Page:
Senate Agriculture Chairwoman Blanche Lincoln (D-Ark.) today said her panel "very likely" will hold a markup to consider portions of the comprehensive climate bill sponsored by Sens. John Kerry (D-Mass.) and Barbara Boxer (D-Calif.) that could affect agriculture, food prices and carbon markets.
"I visited with [Environment and Public Works] Chairman Boxer a week or so ago and indicated to her, when I took over the chairmanship, that we would definitely want to -- that we feel very strongly that agriculture is going to have a very large role to play in this issue and in the efforts, and we certainly want to make sure that the committee played its role and was able to put its mark on the language that would impact agriculture," Lincoln said today.
But when that markup would occur is unclear. Lincoln questioned whether committees could complete work on the bill and move it to the Senate floor by the end of the year.
"It's going to be tough," Lincoln said.
Lincoln officially took over the Agriculture gavel today from former Chairman Tom Harkin (D-Iowa), who left to helm the Health Committee.
The position on the climate measure is a change in approach for Lincoln, who had previously said she did not expect to hold a markup on farm-related issues in the bill.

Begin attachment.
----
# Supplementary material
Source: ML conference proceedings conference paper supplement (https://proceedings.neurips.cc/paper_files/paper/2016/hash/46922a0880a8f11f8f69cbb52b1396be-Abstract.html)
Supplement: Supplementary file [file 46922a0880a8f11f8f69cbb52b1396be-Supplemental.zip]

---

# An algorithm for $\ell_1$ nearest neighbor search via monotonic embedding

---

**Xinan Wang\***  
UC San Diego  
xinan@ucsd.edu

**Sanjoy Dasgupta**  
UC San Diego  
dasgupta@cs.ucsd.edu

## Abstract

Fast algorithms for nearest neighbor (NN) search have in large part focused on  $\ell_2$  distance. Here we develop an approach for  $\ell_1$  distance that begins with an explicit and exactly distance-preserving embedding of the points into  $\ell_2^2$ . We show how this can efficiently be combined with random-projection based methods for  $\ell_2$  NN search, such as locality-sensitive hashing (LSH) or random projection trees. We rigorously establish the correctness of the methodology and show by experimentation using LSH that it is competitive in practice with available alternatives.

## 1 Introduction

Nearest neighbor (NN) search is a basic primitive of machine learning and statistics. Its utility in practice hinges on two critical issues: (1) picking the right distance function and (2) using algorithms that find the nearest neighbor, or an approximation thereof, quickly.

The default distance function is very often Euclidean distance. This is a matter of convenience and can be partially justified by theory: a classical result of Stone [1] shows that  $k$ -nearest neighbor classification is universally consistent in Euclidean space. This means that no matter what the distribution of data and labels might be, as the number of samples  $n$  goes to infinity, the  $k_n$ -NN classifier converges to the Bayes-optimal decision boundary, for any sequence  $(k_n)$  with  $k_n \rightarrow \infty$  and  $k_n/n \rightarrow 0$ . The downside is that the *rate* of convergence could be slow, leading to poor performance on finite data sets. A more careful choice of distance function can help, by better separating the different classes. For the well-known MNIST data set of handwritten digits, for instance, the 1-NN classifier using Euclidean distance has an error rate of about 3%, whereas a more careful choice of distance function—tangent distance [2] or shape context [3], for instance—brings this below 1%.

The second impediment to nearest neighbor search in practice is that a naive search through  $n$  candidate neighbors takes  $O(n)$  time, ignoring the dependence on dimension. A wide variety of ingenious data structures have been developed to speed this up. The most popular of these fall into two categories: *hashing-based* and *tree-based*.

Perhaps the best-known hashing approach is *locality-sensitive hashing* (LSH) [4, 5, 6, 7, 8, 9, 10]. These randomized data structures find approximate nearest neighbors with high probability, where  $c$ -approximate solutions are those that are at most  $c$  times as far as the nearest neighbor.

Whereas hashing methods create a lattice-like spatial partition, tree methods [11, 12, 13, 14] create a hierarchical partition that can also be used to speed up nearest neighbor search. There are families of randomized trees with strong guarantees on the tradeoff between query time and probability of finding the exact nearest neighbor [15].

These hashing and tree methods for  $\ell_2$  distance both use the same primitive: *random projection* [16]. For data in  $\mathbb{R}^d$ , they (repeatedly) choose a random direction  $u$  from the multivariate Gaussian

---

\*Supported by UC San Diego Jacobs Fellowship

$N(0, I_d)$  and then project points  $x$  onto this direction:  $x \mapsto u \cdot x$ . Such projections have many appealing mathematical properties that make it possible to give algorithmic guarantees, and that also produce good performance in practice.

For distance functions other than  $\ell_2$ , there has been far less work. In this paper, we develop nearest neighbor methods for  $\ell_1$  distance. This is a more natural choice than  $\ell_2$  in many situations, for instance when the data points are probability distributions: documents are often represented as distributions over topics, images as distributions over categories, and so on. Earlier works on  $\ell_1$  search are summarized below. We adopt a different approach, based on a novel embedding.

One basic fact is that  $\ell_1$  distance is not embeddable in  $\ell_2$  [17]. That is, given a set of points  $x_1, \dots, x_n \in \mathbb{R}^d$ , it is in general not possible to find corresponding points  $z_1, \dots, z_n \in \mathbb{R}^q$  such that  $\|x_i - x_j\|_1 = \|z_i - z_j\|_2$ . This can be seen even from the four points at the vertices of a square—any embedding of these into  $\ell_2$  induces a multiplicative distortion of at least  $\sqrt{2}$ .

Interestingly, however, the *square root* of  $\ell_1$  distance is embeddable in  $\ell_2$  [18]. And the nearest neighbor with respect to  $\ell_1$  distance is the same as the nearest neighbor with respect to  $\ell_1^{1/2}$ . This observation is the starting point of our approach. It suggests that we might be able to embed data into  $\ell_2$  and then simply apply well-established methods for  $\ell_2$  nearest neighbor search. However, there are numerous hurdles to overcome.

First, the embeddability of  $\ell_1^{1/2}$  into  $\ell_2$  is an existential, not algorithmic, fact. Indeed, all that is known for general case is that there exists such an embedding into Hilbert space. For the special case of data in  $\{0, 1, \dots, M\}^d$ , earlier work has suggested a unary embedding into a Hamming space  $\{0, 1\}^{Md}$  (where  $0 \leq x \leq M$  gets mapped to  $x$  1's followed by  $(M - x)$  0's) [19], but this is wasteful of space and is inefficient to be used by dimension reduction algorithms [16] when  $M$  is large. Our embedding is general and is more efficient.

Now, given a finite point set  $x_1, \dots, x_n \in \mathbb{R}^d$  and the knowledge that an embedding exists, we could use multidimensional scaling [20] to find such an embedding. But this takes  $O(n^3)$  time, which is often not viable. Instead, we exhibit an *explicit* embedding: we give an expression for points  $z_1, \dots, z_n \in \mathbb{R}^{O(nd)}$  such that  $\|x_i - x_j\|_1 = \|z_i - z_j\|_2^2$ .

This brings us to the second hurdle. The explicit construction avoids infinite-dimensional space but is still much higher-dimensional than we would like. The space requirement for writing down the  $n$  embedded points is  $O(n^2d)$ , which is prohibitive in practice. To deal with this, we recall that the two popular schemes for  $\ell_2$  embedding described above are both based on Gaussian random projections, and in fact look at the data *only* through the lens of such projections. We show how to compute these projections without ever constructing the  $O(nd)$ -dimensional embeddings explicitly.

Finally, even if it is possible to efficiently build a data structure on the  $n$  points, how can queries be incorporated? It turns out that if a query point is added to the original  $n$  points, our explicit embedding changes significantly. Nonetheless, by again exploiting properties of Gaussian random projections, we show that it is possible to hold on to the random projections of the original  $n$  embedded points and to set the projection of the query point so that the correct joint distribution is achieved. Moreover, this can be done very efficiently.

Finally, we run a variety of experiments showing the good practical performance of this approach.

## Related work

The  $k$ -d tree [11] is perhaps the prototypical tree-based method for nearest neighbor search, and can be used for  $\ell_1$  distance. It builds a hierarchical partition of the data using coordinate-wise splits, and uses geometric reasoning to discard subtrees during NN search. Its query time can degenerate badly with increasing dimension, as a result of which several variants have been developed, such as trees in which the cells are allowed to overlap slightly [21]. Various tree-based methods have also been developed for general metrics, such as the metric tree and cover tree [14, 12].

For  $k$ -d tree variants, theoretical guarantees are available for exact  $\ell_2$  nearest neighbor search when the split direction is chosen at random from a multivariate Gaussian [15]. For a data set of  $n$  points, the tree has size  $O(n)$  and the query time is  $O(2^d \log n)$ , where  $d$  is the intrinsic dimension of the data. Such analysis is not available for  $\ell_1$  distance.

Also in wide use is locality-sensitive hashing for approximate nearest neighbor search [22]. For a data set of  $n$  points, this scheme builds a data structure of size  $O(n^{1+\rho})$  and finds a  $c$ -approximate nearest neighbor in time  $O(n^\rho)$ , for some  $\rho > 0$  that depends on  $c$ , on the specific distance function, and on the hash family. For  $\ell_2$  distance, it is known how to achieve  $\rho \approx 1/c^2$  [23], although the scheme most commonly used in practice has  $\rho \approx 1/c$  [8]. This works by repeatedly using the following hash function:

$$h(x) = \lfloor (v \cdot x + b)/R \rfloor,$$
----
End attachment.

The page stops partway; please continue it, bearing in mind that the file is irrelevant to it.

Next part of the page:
Today the senator said that agriculture, including both crops and forestry, already plays a "tremendous role" in carbon sequestration.
"Depending on how we designed a cap-and-trade system -- I'm just saying I reserve the right to certainly make sure that anything that is designed is going to meet the needs of agriculture, whether it's what they contribute, or whether it's the allowances they're going to be given, or the input costs they're going to see, or the consequences they may see in terms of their ability to produce," Lincoln said. "Not just because I represent growers, and cattlemen and ranchers and a whole host of others, but there's also the issue of the impact on overall consumers in terms of the cost of food."
Another major issue for Lincoln's panel is a national carbon market that would be created under the climate change legislation and could be regulated by the Commodity Futures Trading Commission, which her committee oversees. The Senate measure does not provide details on how to regulate such a market, instead including only a broad statement that there should be a "single, integrated carbon market oversight program." It would ensure market liquidity and prevent "excessive speculation" through position limits, among the other goals, the bill states.
Filling in the blanks likely will fall to the Agriculture Committee. Today, Lincoln said she still harbors concerns about how the market would work, especially given that three CFTC commissioner nominees had just testified before the committee about the "unbelievable" additional work they face if they regulate over-the-counter derivative contracts.
"Giving them an entirely new [carbon] market to oversee, as well, is going to be a big undertaking," Lincoln said. "That's not to say they're not up to the task, it's just to say that we're doing an awful lot."